Embed financial controls and risk management in technology.

As increased access to information delivers greater decision-making power across an organisation, the potential risks for the organisation also increase. However, new technology allows consistent procedures, tools and templates to be easily implemented. Cisco, for example, has adopted a web-based expenses system that enables the company to capture individual corporate credit card transactions online and employees to input other expenses on a daily basis, while flagging up consistent overspending on expenses, or the use of an unauthorised airline or hotel.

Empower decision makers.

Chief executives have always wanted finance directors to deliver the Holy Grail of finance: making the finance function a strategic business partner. The internet facilitates this role by , allowing real-time, customised management information to be delivered through a web browser to employees on an anytime, anywhere basis. The performance management portal effectively provides a single and instant version of the truth, allowing the whole organisation to manage performance against clear strategic priorities. Motorola, for example, uses a system which not only enables all its employees to have daily access to marketing and manufacturing information, but also incorporates paging technology to ensure that employees who are not near a PC can access the information they need, or be alerted to new developments, via a pager, with a two-minute response time.

Explore new opportunities.

The specialist skills typically found in finance - tax, treasury, investor relations and corporate finance - are being profoundly affected by the internet. This is having an impact, both on the way these skills are delivered - common tax and treasury questions can now be answered over an intranet or internet - and the skills that are required, for example, in co-ordinating a cross-border transaction. Finance will become much more project-based and finance professionals must develop and re-vamp the skills to meet this challenge.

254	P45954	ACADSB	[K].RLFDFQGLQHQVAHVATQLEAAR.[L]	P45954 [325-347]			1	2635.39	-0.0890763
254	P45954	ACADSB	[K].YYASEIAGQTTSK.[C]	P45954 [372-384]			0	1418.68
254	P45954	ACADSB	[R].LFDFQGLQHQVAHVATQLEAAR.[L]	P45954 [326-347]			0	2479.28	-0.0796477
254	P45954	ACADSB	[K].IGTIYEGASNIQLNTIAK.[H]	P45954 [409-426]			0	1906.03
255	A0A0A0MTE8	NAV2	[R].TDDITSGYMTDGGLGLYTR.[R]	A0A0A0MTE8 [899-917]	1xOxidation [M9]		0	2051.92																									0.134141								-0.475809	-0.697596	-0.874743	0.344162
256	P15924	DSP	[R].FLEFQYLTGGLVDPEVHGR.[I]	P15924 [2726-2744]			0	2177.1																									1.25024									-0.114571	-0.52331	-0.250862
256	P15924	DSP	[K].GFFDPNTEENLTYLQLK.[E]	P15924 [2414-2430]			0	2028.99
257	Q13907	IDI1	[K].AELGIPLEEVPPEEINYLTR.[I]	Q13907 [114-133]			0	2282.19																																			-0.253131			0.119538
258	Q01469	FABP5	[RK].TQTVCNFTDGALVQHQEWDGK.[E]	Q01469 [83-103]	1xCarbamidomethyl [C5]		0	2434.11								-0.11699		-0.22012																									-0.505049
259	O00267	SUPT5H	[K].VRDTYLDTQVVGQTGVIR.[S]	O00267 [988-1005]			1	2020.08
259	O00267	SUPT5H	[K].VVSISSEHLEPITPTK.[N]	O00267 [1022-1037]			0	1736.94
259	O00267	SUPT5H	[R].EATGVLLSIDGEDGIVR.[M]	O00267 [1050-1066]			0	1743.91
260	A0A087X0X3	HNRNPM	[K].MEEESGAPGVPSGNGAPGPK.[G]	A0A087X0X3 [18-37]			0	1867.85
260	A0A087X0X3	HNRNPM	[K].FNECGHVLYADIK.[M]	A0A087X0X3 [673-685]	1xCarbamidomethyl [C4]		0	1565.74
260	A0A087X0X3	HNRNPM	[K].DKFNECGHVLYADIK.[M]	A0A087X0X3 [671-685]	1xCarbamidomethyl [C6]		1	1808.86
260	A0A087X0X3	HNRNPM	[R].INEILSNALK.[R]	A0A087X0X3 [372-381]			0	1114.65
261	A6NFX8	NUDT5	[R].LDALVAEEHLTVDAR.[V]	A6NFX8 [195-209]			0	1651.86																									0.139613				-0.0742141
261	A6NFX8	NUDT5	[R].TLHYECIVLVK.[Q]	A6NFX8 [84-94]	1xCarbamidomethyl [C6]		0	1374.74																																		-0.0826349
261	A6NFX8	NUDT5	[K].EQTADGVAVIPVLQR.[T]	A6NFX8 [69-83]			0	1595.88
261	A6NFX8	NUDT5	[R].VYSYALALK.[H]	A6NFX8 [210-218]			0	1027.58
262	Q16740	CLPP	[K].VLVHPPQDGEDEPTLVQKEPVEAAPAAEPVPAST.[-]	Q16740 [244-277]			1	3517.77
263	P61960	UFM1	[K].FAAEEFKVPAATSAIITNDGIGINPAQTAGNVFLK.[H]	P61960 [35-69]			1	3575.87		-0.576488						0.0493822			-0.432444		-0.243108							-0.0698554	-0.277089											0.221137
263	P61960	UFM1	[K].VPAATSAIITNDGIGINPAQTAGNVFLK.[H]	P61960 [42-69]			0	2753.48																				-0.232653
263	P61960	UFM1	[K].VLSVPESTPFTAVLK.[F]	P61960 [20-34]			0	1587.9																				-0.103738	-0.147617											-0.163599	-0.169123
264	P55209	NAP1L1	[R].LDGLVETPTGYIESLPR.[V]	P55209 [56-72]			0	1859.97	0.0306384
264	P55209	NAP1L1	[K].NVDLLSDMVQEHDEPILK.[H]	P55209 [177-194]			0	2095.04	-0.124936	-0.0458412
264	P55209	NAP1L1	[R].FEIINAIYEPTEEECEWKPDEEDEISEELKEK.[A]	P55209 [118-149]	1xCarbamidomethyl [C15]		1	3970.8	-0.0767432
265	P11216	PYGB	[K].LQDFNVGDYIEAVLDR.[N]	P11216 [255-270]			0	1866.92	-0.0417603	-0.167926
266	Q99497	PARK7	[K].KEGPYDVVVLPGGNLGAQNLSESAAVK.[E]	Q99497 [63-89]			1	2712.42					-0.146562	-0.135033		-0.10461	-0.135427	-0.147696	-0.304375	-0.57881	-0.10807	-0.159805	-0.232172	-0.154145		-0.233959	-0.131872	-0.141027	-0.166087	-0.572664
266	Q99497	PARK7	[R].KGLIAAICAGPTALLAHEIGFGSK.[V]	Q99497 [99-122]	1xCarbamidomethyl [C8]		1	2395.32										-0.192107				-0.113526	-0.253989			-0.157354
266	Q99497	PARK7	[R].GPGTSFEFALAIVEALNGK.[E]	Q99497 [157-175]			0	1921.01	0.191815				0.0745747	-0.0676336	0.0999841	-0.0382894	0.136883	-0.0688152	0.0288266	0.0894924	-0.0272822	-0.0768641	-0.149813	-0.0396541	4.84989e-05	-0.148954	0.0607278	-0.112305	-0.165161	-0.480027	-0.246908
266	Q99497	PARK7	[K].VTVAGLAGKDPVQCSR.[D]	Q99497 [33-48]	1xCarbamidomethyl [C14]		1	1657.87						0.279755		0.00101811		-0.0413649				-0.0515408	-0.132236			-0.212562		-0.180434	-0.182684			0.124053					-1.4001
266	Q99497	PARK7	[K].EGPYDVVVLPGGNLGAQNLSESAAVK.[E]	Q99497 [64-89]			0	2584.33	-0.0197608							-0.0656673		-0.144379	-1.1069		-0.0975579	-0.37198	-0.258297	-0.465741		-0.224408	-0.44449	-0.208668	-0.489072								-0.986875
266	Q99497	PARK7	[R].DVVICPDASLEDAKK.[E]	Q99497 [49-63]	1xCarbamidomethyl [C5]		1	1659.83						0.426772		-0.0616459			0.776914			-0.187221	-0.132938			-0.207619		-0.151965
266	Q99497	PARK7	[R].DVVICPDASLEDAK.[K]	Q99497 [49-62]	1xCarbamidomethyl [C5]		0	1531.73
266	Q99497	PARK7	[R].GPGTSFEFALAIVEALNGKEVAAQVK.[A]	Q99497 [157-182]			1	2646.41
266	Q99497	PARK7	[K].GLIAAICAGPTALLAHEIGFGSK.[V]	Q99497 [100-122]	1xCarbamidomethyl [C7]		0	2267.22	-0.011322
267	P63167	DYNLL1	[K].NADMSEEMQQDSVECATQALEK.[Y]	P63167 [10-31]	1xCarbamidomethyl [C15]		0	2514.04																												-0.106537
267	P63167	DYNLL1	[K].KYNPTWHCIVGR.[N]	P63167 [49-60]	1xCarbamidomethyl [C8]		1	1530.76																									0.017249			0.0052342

Chris Gant, partner responsible for eFinance at KPMG Consulting, commented: "The back-office revolution is already happening. However, while leading organisations, such as Cisco, Virgin, Whitbread and Motorola are implementing the necessary changes already, many firms still have substantial ground to make up. Customers and suppliers are ultimately forcing all companies to meet the eBusiness challenge and there is no time to delay. The traditional finance department will not survive, finance must either adapt to the pace of change or risk becoming sidelined within an organisation.

For further information, or assistance, please speak to your usual KPMG tax contact.

The content of this article is intended to provide a general guide to the subject matter. Specialist advice should be sought about your specific circumstances.